Opinion: Twitter is a cesspool of thinspo

TRIGGER WARNING: Mentions of eating disorders.


Illustration: Zoe Maxwell

Samuel Doan, Contributing Writer

Thinspo: Short for “thinspiration” (especially in the context of anorexia nervosa) used in reference to something or someone that serves as motivation for a person seeking to maintain a very low body weight

“Glad I didn’t find out about this in middle school!” is the first thing I told myself when I saw that first image. I had never heard of the term ‘thinspo’ until I downloaded Pinterest, which was a few months ago. And just out of curiosity, I looked up the tag on Twitter. I knew many people tossed around the term ‘thinspo’ as an insult, so as a person who was recovering from anorexia, I wanted to see what the community of Twitter had to say on the topic (since they always had something to say about everything).

And what I saw was the last thing I was expecting.

According to research done by Harvard, anorexia has the second-highest mortality rate out of all mental disorders, with approximately one person dying every 52 minutes. And with teens having the biggest influence on social media, it’s no wonder that 95% of all eating disorders occur in people ages 12-25.

While I do believe that people are allowed to have preferences on bodies, people shouldn’t be spreading their preferences as correct. 

What I saw from that thread ranged from self-harm, the romanticization of pedophilia, fatphobic ideas, and ‘daily inspiration’ – which would typically consist of a thread of seemingly severely underweight people. These pictures would show off ribs, bone-thin arms, thigh gaps, and extremely toned stomachs.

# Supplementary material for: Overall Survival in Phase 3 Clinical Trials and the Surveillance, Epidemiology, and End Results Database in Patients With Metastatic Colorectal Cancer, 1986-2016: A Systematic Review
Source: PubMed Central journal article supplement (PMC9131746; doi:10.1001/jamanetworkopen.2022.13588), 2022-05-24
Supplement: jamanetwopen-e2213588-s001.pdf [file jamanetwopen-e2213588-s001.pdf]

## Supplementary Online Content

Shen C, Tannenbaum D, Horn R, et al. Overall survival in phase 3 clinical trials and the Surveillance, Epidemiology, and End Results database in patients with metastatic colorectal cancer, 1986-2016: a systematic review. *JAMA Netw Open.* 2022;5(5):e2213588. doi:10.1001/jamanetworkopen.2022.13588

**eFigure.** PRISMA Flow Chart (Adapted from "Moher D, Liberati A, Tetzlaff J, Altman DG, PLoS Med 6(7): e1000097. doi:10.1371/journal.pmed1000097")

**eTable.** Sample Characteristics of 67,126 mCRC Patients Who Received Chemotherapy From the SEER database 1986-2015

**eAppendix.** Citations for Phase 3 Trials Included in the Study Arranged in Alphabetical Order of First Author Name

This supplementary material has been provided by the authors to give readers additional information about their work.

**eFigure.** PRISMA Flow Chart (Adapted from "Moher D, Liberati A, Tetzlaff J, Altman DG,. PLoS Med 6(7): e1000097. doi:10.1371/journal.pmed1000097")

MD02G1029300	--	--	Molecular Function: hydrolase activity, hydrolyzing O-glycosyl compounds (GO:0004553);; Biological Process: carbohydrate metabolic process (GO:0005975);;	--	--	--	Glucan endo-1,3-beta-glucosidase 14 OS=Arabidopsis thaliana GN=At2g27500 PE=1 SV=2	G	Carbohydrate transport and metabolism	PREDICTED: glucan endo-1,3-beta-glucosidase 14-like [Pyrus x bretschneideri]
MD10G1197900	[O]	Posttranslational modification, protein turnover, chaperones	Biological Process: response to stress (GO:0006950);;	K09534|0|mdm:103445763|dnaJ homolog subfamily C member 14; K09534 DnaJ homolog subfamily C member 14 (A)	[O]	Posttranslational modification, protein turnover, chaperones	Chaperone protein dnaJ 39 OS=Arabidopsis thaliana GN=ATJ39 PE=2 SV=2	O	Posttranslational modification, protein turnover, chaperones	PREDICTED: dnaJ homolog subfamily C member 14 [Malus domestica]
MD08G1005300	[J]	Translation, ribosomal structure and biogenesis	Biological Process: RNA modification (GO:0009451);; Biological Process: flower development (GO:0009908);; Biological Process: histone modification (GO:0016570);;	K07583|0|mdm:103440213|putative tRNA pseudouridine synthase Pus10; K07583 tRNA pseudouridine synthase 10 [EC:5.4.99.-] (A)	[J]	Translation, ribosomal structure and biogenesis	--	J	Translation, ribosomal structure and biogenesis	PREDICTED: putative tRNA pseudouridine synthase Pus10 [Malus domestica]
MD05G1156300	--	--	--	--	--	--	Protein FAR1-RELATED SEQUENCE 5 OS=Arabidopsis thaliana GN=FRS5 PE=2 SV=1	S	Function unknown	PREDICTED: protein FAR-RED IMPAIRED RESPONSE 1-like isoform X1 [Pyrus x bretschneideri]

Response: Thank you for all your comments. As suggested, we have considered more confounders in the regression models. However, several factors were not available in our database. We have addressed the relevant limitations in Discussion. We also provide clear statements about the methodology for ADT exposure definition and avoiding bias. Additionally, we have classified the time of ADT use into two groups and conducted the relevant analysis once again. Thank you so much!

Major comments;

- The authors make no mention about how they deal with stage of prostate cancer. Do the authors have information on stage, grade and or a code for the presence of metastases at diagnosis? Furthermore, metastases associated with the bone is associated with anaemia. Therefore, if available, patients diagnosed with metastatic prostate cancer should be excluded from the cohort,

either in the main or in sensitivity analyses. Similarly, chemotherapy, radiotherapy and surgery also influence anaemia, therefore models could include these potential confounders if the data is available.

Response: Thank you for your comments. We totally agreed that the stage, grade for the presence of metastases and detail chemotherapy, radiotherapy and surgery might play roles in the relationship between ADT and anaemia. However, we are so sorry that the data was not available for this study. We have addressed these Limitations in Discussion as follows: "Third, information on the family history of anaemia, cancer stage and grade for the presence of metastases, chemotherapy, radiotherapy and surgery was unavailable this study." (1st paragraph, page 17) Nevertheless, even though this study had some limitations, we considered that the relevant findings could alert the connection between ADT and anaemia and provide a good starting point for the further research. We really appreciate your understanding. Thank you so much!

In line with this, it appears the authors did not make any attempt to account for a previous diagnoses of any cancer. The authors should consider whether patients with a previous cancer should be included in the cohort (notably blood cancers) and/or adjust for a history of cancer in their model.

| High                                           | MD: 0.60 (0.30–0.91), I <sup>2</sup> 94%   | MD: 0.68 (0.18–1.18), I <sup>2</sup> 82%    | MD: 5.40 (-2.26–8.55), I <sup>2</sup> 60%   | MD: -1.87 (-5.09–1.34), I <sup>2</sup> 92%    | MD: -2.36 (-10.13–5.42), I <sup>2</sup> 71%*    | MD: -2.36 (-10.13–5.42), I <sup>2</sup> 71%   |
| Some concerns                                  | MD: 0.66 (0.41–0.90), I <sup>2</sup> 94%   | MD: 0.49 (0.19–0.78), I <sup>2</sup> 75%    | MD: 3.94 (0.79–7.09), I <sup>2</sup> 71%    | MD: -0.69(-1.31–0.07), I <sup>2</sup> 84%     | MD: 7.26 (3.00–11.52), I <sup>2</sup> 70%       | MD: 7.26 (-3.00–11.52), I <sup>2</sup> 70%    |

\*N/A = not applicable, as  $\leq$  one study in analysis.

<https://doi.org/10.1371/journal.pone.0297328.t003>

Daily inspiration not only just included pictures of thin people, but it also included diet plans of less than 100 calories a day, harsh quotes, and videos of people who had more body weight on them. Videos of these bigger people were often used to spread fatphobic ideas. People would usually compare these bigger people to skinny models, poking fun at how chubby they were as a source of motivation.

According to the ADAA, those who suffered from anorexia often had extreme mental health issues, ranging from OCD to social anxiety. People who have anorexia were often found to have harder times disguising positive and negative outcomes as well, which most likely contributed to the 46% recovery rate.

Not only were these threads extremely accessible, but I also managed to find some accounts that were younger than 13 interacting with these posts. This unhealthy content is being fed to young, influential people, yet nothing was being done.

This community was also growing faster by the minute as well, with most ‘inspirational’ posts racking up more than a thousand likes each day. Extreme diets were often spread quickly and now people were giving tips on how to sneakily skip meals.

I was astounded when I found out that such a community existed. I had initially thought that the idea of body acceptance had been widespread. It’s fine if you wish to be skinny, however, it crosses the line when you start to shame others for not believing in your ideas, especially if they’re unhealthy ones.

As a person who is trying to recover from anorexia,  I not only found that this content discouraged my recovery, but a majority of the posts didn’t have warnings, so I had no control as to what I was going to see.

The struggle of being anorexic is real and can not be ignored. I was in this trapped mindset once and I still have fragments of that mindset still to this day. If you continue to feed off this negative content, not only will it slow the recovery process, it might even completely stop the whole process.

People are still out here dying. 

While I don’t believe that Twitter should outright ban the tag, I believe that they should be monitoring what is being posted in these threads. 

I am grateful that I didn’t see this type of content when I was younger. Otherwise I would’ve been dead years ago.